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Bragi The Headphone Review: A Wireless Computer for Your Ears

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Bragi The Headphone Review: A Wireless Computer for Your Ears

When Bragi launched the Dash three years ago, it not only introduced the world to a completely wireless audio experience, but the device also propelled the term hearable into the world of wearables. Equipped with a plethora of sensors to help monitor workouts, Bragi CEO and founder Nikolaj Hviid positioned the Dash as a computer for your ears. And unlike wrist-worn wearables, joggers who already run with their music won’t have to integrate yet another device into their workout routines—the Dash comes with its own storage, or it could play music streamed from your phone on top of being a fitness coach.

But the drawback is that Dash’s technology priced it at a premium, and that kept it out of the reach of casual music listeners who may appreciate the cord-free experience. This is where The Headphone, Bragi’s second take at the wire-free audio market, comes in. Priced at $149, it sheds its bigger brother’s more expensive fitness tracking components in favor of a simpler experience that’s focused solely on audio enjoyment.

In many ways, by going back to basics, The Headphone is what Bragi should have debuted with. Its pricing and features make it competitive against newer entries in this space, including Apple’s $159 AirPods and Samsung’s Gear Icon X, and the omission of health and fitness tracking features make it less intimidating to those who aren’t as concerned with quantifying their health.

Design

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Encased in black and gray plastic, The Headphone resembles its older and more premiumly priced brother with its understated good looks. Essentially, these wireless earphones look like their wired counterparts, but Bluetooth substituted for the wires. And unlike earlier Bluetooth earphones from a few years ago, The Headphone is a completely wire-free experience, meaning that there isn’t a single wire that connects the left and right earbuds.

And unlike Apple’s take on the wireless earbud model, The Headphone doesn’t come with dangling stems that resemble earrings hanging from your ears when worn. This means that The Headphone is more discrete, and Bragi’s option is a nice alternative for those who don’t prefer Apple’s white aesthetics.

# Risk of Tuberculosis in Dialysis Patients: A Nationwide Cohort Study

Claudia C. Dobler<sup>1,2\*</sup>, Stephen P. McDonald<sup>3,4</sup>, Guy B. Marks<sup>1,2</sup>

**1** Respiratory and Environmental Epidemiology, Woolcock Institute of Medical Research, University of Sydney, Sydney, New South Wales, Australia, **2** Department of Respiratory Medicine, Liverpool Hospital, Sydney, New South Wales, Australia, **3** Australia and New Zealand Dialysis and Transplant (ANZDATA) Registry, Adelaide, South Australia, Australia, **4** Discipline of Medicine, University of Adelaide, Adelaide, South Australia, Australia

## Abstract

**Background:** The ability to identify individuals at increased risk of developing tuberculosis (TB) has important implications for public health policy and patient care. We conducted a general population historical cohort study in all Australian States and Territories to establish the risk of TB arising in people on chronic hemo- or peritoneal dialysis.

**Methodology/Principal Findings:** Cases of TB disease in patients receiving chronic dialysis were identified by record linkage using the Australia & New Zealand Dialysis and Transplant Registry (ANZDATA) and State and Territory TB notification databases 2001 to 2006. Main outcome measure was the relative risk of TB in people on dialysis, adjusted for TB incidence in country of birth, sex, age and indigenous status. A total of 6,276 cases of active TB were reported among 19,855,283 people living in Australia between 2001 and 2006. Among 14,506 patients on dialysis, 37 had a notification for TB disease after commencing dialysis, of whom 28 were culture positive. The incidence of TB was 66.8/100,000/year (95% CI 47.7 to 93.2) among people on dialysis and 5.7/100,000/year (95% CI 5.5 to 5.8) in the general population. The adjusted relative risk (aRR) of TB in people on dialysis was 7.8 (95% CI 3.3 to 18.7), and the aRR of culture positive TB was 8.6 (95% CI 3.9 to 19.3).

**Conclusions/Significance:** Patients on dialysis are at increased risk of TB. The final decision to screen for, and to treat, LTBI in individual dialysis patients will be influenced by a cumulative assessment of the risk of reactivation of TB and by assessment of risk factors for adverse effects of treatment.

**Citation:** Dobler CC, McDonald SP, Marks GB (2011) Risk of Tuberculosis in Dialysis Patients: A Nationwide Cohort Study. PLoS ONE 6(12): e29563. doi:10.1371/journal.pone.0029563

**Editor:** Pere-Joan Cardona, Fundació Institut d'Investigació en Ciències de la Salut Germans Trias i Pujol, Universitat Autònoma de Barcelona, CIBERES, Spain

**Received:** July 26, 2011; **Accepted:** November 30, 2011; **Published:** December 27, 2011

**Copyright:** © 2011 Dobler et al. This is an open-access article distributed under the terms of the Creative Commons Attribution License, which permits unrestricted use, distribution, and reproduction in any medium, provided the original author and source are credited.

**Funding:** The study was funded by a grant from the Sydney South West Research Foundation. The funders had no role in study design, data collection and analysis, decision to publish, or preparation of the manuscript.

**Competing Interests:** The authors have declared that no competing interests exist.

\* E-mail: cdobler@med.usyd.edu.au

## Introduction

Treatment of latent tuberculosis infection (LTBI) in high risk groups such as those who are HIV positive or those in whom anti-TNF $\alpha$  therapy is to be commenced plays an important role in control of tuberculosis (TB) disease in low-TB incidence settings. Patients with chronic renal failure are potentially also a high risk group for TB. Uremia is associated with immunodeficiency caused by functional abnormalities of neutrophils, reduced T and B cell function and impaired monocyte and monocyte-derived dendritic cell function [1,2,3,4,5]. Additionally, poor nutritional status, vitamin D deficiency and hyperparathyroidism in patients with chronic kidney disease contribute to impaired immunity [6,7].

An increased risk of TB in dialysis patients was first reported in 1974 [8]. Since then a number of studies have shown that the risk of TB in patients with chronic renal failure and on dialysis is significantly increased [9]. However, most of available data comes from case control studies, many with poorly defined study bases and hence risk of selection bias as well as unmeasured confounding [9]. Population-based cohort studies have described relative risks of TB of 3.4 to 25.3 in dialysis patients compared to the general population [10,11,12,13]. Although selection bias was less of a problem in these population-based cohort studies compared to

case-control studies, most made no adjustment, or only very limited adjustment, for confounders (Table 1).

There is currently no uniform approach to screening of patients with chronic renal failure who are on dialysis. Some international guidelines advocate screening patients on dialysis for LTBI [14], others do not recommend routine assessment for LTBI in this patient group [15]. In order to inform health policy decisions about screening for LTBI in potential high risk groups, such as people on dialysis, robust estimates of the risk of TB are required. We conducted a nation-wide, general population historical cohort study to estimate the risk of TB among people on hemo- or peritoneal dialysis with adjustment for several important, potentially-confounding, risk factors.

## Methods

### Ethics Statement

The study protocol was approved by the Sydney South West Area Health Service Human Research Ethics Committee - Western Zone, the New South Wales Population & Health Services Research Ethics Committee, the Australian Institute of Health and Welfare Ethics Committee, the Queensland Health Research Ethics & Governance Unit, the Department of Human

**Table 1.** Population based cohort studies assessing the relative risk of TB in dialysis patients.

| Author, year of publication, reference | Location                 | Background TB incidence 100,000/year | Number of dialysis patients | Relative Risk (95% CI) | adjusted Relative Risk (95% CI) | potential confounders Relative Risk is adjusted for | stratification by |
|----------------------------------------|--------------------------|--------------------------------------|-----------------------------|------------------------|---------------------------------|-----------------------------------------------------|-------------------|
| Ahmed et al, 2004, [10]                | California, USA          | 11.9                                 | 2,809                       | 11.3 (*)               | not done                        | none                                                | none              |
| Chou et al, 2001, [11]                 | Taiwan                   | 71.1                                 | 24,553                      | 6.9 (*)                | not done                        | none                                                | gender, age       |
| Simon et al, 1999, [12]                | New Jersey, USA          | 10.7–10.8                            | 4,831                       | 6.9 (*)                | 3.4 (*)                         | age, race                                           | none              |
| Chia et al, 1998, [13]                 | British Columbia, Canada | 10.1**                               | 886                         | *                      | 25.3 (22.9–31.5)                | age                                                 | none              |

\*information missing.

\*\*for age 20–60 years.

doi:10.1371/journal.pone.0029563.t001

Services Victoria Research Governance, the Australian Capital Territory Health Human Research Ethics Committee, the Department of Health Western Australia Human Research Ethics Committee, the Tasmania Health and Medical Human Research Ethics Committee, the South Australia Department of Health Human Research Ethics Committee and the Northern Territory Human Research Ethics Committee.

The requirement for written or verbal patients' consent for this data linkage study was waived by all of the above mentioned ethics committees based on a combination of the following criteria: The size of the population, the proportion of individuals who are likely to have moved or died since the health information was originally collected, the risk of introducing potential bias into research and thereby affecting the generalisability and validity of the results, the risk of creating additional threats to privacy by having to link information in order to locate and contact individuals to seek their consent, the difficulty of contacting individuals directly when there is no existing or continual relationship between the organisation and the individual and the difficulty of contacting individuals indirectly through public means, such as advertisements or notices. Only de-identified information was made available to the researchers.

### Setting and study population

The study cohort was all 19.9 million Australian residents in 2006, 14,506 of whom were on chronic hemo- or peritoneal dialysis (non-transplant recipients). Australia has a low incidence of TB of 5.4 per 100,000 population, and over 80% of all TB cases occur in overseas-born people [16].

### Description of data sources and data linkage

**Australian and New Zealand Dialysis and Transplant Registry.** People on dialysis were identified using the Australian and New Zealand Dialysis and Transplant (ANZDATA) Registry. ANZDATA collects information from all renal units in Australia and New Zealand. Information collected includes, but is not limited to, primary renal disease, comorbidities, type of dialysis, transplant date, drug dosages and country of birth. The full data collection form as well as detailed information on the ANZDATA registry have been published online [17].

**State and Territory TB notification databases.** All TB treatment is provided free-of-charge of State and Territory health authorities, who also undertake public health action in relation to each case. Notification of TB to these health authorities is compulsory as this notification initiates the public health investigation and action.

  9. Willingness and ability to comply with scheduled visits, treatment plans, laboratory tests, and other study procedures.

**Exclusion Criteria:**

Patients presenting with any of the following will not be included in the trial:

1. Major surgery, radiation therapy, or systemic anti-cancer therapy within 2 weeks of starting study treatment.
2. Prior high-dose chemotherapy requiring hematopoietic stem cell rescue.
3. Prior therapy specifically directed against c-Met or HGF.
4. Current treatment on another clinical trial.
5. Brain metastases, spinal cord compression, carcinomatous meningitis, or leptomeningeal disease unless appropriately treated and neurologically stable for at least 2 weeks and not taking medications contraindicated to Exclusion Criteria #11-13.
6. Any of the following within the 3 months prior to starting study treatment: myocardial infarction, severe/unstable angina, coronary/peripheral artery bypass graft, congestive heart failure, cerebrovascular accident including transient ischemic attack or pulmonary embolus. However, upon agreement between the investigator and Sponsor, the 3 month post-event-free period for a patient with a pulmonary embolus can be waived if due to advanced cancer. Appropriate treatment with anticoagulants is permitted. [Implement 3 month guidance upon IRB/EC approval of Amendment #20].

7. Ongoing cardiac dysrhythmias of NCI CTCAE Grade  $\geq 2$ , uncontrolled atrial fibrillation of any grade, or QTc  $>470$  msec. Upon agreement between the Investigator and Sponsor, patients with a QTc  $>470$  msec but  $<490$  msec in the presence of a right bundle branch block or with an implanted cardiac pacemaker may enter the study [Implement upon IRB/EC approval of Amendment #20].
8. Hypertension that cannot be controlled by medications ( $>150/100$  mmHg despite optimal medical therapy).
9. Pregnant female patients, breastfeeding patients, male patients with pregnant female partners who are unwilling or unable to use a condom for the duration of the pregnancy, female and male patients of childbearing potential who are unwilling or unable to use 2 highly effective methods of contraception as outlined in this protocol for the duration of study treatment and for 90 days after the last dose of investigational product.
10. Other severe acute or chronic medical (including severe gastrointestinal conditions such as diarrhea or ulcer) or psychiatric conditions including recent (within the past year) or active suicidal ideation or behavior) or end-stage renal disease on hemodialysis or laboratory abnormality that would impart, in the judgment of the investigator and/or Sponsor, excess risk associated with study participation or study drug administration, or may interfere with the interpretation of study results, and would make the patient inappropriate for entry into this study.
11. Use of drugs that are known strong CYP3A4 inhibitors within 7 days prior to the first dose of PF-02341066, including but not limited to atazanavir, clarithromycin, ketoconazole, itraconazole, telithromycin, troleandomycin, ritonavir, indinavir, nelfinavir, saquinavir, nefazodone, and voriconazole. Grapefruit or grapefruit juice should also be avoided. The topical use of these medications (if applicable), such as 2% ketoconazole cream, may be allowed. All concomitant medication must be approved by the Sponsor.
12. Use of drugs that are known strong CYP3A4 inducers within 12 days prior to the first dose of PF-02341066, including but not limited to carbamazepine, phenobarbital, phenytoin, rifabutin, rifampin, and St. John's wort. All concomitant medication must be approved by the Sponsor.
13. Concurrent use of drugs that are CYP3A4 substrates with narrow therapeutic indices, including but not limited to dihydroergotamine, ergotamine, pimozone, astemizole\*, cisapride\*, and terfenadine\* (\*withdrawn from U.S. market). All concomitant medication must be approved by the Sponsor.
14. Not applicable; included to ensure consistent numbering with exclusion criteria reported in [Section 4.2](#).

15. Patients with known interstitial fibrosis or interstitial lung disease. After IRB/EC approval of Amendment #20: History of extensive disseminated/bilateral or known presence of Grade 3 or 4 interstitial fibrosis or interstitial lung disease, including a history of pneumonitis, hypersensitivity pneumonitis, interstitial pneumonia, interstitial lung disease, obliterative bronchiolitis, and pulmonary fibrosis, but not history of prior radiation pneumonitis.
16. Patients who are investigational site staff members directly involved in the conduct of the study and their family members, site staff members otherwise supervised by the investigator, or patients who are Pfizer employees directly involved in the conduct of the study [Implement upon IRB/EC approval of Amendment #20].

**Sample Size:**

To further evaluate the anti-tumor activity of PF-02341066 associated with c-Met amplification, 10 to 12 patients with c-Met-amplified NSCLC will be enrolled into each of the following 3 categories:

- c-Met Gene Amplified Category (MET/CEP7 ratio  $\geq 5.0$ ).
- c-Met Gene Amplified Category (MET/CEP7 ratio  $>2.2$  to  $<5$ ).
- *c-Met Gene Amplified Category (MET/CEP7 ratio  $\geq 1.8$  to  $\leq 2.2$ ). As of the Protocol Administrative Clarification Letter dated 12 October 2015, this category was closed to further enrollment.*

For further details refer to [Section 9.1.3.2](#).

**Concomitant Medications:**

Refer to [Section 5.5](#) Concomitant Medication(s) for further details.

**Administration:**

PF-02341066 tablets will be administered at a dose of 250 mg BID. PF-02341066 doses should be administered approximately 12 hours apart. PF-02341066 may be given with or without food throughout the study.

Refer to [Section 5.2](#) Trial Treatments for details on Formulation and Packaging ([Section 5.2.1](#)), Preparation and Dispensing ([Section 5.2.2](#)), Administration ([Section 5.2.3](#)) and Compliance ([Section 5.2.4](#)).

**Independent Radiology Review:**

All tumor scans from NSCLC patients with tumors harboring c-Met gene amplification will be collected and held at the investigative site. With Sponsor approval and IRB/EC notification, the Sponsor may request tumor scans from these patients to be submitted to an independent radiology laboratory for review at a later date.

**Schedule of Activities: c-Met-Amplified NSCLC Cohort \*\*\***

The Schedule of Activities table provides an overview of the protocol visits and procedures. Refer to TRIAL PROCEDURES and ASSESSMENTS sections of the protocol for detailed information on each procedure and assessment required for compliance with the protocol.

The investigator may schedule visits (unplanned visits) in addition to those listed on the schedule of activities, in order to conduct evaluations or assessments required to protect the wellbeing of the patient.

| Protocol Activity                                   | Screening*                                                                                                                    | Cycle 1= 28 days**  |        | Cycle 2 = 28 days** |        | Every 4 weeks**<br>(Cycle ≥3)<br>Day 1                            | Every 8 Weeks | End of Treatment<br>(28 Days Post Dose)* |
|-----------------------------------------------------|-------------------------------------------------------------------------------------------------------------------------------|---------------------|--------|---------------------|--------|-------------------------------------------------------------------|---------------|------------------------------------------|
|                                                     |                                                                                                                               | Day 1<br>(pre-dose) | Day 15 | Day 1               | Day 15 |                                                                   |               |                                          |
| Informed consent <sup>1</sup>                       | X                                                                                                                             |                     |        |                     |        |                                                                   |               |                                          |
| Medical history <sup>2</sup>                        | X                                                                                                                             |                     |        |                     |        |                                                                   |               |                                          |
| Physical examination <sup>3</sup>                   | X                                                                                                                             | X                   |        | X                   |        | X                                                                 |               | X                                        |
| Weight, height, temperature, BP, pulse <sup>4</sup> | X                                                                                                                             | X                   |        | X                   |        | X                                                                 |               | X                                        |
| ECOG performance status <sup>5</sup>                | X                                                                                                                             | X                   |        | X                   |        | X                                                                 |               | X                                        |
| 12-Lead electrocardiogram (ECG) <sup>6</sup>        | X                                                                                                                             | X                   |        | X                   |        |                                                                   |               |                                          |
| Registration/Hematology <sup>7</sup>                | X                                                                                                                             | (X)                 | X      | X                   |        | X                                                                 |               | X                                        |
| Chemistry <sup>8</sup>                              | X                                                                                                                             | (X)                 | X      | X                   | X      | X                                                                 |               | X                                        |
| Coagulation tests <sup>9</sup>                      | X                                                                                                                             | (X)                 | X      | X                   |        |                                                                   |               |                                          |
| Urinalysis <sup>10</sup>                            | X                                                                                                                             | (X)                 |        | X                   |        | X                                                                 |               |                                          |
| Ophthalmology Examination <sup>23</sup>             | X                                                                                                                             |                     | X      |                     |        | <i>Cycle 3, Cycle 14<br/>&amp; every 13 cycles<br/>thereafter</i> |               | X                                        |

Like the Dash, The Headphone ships in a simple charging case. It’s like a matchbox where the inner tray that houses The Headphone slides out from the outer case. A lanyard is attached to the top of the case, allowing you to wear the case around your neck for easy portability.

Unlike the Dash and a few similar wireless headphones on the market today, the case is solely used for charging and stowing the earbuds—it doesn’t come with its own internal battery to easily recharge The Headphone on the go. Bragi promises up to six hours of listening time on The Headphone’s 100mAh internal battery before you’ll need to drop earbuds back into the case and plug the package into the wall, and I got just over that during my testing. Battery life will likely vary with the type of music you listen to and your volume levels.

By comparison, Apple promises five hours on a single charge with the AirPods, but drop the headphones into the case for a quick battery boost and you get up to 24 hours of use before you need to plug the entire package into an outlet for recharging. Bragi’s newest product, the Dash Pro, comes with an internal battery rated for five hours of use, but you’ll get a combined total of 30 hours with the battery integrated in the charging case before you’ll need to plug the device into the wall for recharging.

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The Headphone offers much more simplified music controls than the Dash. While the latter offers capacitive touch surfaces to control music playback and manage fitness tracking, the former comes with three small hardware buttons on the right earbuds. These buttons are small, and I found them difficult to press. And unlike the capacitive interaction on the Dash, pushing buttons means that the earbud will get pushed into your ear, which could be uncomfortable.

There is a single multifunction button that serves as your playback control and to accept and end phone calls. The button can be pressed multiple times to skip between tracks. There are also two volume control buttons. When you hold one of the volume buttons down, it turns on The Headphone’s microphone to activate a feature called audio transparency. With audio transparency turned on, you can hear the background noise around you.